Just over two weeks ago The Wall Street Journal published an opinion piece by Vice President Mike Pence titled “There Isn’t a Coronavirus ‘Second Wave.’” The article was supposed to reassure the nation.
What it provided, instead, was a clear illustration of the delusions and magical thinking that have marked every step of the Trump administration’s response to Covid-19, producing an epic policy disaster.
Put it this way: By now, according to Trump officials and sycophants, we were supposed to be seeing a fading pandemic and a roaring recovery. Instead, we have a fading recovery and a roaring pandemic.
About the pandemic: The Pence article cheerily declared that “cases have stabilized,” with the daily average number of new cases only 20,000. Even that figure, as it happens, was five times the number in the European Union, which has a third more people than America does. Since then, however, new cases have soared, hitting more than 50,000 by some counts on Wednesday.
Indeed, at this point Arizona, with seven million people, is reporting around as many new cases each day as the whole E.U., with 446 million people.
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Some Trump supporters are still trying to dismiss the upswing in cases as an illusion created by more testing. But it isn’t. Cases have grown far more than testing has. Hospitalizations have shot up in Arizona and Texas, which are at the leading edge of the new surge; in both states, hospitals are in crisis mode. (Florida, which is probably in the same situation, hasn’t been releasing hospitalization data.)
The one piece of slightly good news is that deaths from the coronavirus are still falling, in part because the new wave of infections is hitting people younger than the first wave did, in part perhaps because doctors have gotten better at treating the disease. But Covid-19 can be debilitating and cause long-term damage, even when it doesn’t kill.
Also, deaths are a lagging indicator. In Arizona, where the jump in cases began about two weeks before the rest of the Sunbelt, deaths are rising.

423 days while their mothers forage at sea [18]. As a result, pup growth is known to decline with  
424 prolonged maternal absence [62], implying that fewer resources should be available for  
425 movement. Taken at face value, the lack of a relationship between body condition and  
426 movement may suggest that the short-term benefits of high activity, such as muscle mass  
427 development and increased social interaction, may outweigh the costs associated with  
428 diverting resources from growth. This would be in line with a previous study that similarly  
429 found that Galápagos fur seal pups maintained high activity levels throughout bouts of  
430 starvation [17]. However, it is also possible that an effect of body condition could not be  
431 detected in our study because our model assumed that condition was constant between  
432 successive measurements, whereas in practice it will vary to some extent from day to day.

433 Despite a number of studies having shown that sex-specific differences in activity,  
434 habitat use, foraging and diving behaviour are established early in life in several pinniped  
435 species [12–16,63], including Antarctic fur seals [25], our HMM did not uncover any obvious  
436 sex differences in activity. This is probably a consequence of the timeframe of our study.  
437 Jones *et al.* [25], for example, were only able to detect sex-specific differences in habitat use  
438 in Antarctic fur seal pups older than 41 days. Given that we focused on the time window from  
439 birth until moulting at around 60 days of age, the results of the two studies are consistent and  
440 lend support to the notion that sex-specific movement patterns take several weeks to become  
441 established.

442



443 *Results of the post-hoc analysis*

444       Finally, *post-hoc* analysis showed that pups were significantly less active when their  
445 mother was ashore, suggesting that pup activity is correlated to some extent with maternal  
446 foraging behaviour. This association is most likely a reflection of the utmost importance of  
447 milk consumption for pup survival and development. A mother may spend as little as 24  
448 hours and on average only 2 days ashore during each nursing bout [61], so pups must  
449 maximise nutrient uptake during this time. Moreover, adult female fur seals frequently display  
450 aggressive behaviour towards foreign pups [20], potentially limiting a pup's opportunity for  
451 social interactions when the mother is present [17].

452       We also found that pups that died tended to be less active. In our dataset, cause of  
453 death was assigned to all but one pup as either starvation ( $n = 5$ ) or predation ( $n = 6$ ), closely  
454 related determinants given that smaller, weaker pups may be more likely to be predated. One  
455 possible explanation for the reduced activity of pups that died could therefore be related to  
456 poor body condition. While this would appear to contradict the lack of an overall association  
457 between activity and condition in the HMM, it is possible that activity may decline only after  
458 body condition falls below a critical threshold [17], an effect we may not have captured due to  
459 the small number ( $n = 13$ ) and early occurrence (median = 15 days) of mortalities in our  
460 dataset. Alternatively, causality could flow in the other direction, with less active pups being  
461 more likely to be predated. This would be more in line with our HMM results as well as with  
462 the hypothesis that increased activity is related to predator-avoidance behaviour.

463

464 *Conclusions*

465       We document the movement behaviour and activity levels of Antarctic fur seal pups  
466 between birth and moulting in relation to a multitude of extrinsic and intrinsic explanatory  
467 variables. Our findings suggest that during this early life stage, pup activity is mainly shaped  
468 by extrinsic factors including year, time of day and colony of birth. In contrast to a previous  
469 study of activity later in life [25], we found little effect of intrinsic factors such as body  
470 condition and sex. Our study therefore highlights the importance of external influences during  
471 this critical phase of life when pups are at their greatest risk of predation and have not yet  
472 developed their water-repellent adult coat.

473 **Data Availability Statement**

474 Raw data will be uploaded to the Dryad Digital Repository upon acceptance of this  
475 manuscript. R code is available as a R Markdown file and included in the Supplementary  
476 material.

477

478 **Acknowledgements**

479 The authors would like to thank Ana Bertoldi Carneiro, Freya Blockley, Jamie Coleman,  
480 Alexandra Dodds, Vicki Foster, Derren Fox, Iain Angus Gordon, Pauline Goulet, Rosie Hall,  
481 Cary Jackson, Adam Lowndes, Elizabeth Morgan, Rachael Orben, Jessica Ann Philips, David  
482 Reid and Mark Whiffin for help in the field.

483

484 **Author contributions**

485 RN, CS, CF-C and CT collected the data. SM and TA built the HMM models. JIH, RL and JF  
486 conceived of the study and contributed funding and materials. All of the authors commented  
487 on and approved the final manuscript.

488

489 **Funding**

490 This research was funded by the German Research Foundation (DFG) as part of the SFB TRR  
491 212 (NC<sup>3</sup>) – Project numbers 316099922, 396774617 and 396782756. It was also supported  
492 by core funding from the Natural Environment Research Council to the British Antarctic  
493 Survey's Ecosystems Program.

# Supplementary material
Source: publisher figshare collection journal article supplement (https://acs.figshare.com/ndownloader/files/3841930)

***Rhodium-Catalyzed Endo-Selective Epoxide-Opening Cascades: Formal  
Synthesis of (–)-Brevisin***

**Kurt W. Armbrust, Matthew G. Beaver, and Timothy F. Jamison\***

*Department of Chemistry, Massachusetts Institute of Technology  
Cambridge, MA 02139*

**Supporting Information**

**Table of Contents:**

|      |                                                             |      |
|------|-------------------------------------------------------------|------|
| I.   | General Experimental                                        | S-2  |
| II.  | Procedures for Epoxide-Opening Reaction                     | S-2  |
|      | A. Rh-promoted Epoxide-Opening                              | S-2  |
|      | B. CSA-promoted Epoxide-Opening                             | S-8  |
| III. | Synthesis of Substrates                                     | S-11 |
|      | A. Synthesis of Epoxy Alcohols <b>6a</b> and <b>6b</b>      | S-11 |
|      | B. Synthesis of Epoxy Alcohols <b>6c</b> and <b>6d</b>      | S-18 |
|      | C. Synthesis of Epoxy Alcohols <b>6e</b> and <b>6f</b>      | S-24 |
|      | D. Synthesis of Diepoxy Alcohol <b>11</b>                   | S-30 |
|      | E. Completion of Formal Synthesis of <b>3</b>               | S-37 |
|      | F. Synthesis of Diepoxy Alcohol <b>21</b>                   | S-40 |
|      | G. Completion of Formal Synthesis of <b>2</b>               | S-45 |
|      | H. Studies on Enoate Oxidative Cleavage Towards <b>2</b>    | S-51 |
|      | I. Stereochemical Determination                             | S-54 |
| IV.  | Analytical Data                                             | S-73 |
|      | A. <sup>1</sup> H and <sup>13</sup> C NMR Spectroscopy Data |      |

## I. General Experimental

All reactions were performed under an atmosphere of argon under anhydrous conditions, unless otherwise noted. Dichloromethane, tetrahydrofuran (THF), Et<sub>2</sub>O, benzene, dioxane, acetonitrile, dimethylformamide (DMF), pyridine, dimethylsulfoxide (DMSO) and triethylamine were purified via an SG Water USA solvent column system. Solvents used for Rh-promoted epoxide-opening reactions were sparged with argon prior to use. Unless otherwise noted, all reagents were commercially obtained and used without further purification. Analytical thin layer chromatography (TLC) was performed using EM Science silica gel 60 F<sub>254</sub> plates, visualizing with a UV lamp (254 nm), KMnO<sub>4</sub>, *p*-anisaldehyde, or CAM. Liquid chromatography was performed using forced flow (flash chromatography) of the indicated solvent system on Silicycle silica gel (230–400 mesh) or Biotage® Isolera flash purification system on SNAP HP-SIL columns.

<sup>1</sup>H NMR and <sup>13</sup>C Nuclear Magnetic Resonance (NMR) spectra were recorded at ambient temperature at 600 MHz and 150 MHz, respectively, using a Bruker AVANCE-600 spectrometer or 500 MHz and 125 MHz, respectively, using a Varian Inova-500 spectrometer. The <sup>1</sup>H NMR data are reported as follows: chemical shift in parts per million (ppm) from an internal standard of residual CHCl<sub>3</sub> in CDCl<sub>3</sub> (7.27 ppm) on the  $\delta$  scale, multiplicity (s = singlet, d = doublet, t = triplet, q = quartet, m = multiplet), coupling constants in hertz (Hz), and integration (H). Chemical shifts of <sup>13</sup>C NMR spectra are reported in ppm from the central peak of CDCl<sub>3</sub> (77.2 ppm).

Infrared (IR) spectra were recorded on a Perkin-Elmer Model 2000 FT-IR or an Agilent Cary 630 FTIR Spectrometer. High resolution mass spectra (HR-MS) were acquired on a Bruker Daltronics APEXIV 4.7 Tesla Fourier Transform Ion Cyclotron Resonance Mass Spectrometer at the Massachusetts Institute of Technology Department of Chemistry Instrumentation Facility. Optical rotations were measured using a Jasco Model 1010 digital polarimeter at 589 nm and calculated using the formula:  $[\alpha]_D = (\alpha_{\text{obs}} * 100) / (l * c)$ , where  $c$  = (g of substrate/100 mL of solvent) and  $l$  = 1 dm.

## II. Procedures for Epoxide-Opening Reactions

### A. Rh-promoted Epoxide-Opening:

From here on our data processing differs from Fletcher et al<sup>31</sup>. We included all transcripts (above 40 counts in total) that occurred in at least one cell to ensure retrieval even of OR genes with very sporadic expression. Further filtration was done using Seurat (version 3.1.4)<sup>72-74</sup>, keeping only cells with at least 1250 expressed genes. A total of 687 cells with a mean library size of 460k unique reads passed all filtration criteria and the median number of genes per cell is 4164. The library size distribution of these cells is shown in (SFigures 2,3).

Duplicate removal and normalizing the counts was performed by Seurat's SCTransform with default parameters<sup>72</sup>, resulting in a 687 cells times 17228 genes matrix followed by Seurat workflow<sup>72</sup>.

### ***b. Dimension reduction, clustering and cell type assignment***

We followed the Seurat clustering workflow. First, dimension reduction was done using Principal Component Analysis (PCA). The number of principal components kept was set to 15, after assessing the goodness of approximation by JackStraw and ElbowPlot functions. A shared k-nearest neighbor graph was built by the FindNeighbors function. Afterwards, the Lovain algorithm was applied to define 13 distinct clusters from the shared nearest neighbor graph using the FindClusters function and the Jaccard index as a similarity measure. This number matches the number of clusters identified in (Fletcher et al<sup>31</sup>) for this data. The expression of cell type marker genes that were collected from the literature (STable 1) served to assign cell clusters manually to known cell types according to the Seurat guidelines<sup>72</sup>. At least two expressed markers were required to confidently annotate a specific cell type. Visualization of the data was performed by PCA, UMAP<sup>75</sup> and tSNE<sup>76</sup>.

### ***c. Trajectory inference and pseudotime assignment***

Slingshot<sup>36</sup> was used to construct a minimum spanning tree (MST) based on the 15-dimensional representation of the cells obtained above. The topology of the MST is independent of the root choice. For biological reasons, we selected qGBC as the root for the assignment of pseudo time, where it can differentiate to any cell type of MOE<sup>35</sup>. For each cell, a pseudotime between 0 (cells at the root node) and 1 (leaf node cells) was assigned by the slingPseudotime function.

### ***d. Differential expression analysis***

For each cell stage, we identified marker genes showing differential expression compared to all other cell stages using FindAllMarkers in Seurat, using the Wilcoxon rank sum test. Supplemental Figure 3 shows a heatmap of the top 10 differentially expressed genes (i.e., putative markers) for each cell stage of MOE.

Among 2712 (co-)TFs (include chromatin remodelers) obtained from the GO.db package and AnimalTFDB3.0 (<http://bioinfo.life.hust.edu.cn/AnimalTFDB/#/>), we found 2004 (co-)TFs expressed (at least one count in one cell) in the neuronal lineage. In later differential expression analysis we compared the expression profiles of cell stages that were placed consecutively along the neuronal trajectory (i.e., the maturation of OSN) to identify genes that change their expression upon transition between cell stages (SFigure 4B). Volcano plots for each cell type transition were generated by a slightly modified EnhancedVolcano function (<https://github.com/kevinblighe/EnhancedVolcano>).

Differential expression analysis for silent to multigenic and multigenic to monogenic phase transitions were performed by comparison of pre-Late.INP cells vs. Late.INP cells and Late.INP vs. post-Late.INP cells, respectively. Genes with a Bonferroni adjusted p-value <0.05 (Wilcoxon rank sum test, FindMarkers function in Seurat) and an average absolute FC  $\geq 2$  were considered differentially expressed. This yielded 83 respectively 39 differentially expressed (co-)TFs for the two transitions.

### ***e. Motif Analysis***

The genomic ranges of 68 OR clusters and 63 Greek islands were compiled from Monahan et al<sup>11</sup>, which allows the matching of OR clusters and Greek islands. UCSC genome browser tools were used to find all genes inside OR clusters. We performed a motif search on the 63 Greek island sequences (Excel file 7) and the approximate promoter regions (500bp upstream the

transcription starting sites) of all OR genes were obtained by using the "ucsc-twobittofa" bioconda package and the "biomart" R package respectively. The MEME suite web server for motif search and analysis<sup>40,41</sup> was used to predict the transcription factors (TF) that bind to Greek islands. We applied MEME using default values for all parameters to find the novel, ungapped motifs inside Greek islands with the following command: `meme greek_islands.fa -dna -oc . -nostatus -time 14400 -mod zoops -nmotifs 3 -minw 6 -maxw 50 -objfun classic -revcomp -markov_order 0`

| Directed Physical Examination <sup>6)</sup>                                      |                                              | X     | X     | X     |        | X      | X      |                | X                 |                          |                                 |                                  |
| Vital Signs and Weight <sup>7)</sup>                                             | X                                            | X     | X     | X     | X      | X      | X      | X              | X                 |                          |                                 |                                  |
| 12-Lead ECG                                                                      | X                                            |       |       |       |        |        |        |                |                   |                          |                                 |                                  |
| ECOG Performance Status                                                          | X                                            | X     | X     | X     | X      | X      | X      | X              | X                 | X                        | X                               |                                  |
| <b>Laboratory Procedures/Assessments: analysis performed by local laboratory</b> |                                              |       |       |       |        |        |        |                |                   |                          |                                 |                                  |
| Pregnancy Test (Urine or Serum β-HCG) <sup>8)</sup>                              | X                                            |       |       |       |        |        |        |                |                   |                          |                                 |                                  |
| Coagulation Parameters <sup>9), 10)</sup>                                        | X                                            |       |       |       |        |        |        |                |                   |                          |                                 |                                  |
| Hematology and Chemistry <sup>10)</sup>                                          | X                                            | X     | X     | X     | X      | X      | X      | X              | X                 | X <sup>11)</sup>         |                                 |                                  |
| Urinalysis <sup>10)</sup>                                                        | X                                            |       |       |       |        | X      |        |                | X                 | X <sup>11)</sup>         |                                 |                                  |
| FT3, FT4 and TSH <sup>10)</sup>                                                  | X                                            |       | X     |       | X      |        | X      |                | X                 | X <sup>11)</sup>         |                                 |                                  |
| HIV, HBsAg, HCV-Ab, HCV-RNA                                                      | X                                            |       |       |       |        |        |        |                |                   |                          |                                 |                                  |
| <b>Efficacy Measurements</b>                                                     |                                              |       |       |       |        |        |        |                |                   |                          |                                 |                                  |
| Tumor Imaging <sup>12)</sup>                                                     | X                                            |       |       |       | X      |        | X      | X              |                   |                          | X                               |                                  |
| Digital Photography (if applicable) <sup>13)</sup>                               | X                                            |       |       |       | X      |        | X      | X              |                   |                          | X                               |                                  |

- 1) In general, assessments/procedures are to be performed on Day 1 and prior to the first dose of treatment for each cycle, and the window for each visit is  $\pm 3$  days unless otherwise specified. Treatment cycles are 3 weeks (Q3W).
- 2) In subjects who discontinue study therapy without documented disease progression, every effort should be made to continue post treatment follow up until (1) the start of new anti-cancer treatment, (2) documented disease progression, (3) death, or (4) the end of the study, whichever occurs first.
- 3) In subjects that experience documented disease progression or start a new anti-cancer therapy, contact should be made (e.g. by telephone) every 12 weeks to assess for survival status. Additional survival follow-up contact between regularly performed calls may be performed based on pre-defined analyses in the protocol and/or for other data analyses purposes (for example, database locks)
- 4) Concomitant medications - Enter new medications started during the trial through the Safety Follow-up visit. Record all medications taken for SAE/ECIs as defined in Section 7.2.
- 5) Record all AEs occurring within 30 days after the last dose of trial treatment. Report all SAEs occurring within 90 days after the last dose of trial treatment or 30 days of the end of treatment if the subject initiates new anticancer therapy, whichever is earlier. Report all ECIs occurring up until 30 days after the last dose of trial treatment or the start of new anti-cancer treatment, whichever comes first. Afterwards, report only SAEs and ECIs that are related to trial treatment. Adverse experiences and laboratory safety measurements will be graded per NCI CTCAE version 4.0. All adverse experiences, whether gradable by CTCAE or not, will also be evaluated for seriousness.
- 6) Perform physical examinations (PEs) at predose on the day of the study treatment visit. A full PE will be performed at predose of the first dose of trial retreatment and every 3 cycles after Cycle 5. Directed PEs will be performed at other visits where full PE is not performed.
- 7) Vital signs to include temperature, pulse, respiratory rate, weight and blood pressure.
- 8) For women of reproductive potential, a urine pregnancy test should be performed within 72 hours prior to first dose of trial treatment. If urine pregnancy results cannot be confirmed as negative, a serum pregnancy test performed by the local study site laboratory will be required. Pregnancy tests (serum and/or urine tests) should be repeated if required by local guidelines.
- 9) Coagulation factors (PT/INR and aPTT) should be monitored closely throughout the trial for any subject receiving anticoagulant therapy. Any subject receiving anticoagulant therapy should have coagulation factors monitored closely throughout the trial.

The thing is, Covid-19’s resurgence was utterly predictable — and predicted. When Donald Trump declared that we would “transition to greatness” — which is to say, rush to reopen the economy despite a still-rampant pandemic — epidemiologists warned that this could set off a new wave of infections. They were right.
And economists warned that while relaxing social distancing would lead to a brief period of job growth, these gains would be short-lived, that premature reopening would be self-defeating even in economic terms. They were also right.
Don’t be fooled by the big jobs number in Thursday’s employment report — a number that still left us down almost 15 million jobsfrom February. The report was a snapshot of the economy during the “reference period,” basically the second week of June. So it’s telling us what was happening before the Covid-19 surge became apparent.
We don’t have official data for what has happened since then, but a variety of real-time indicators suggest that the recovery has stalled or even gone backward. Indeed, things started falling apart even before states began reversing some of their previous moves to reopen. Fear of infection will do that: Many people will avoid going out whatever their governors may say.
As a result, unemployment, still in double digits, probably won’t get much better for a long time.
Now, there isn’t a one-to-one correspondence between jobs and the spread of the pandemic. If we had all worn masks and avoided stupid policies like reopening bars and resuming large indoor gatherings, we probably could have had substantial job gainswithout surging infections. But we didn’t, largely because Trump and Republican governors refused to take sensible actions (and in many cases prevented mayors and other local officials from acting sensibly on their own).
Nor can we simply hit the reset button. Activities we could have safely resumed two months ago, when infection rates were low, aren’t safe to continue given today’s much higher Covid-19 prevalence. That is, we’re in worse shape, even economically, than we would have been if Trump and his allies had taken the pandemic seriously early on.
The really frightening aspect about where we are is that Trump and his people don’t seem to have learned anything from their coronavirus debacle. On Wednesday — Wednesday! — Trump insisted, as he has at every stage of the pandemic, that the coronavirus will “sort of just disappear.”
And the Trumpists are crowing about the June employment number, with no apparent awareness that it’s out of date and the situation has probably worsened in recent weeks.
The sad, even terrifying thing is that Trumpian delusions of success will impose a heavy price on the rest of us.
Right now we should be going all-out to bring the Covid-19 surge under control and making sure that Americans keep getting the economic aid they need. In reality, neither of those things is likely to happen. Infections and hospitalizations will soar further, and millions of Americans will lose crucial economic lifelines in a few weeks.
The next four months are going to be very, very ugly.
Paul Krugman has been an Opinion columnist since 2000 and is also a Distinguished Professor at the City University of New York Graduate Center. He won the 2008 Nobel Memorial Prize in Economic Sciences for his work on international trade and economic geography. @PaulKrugman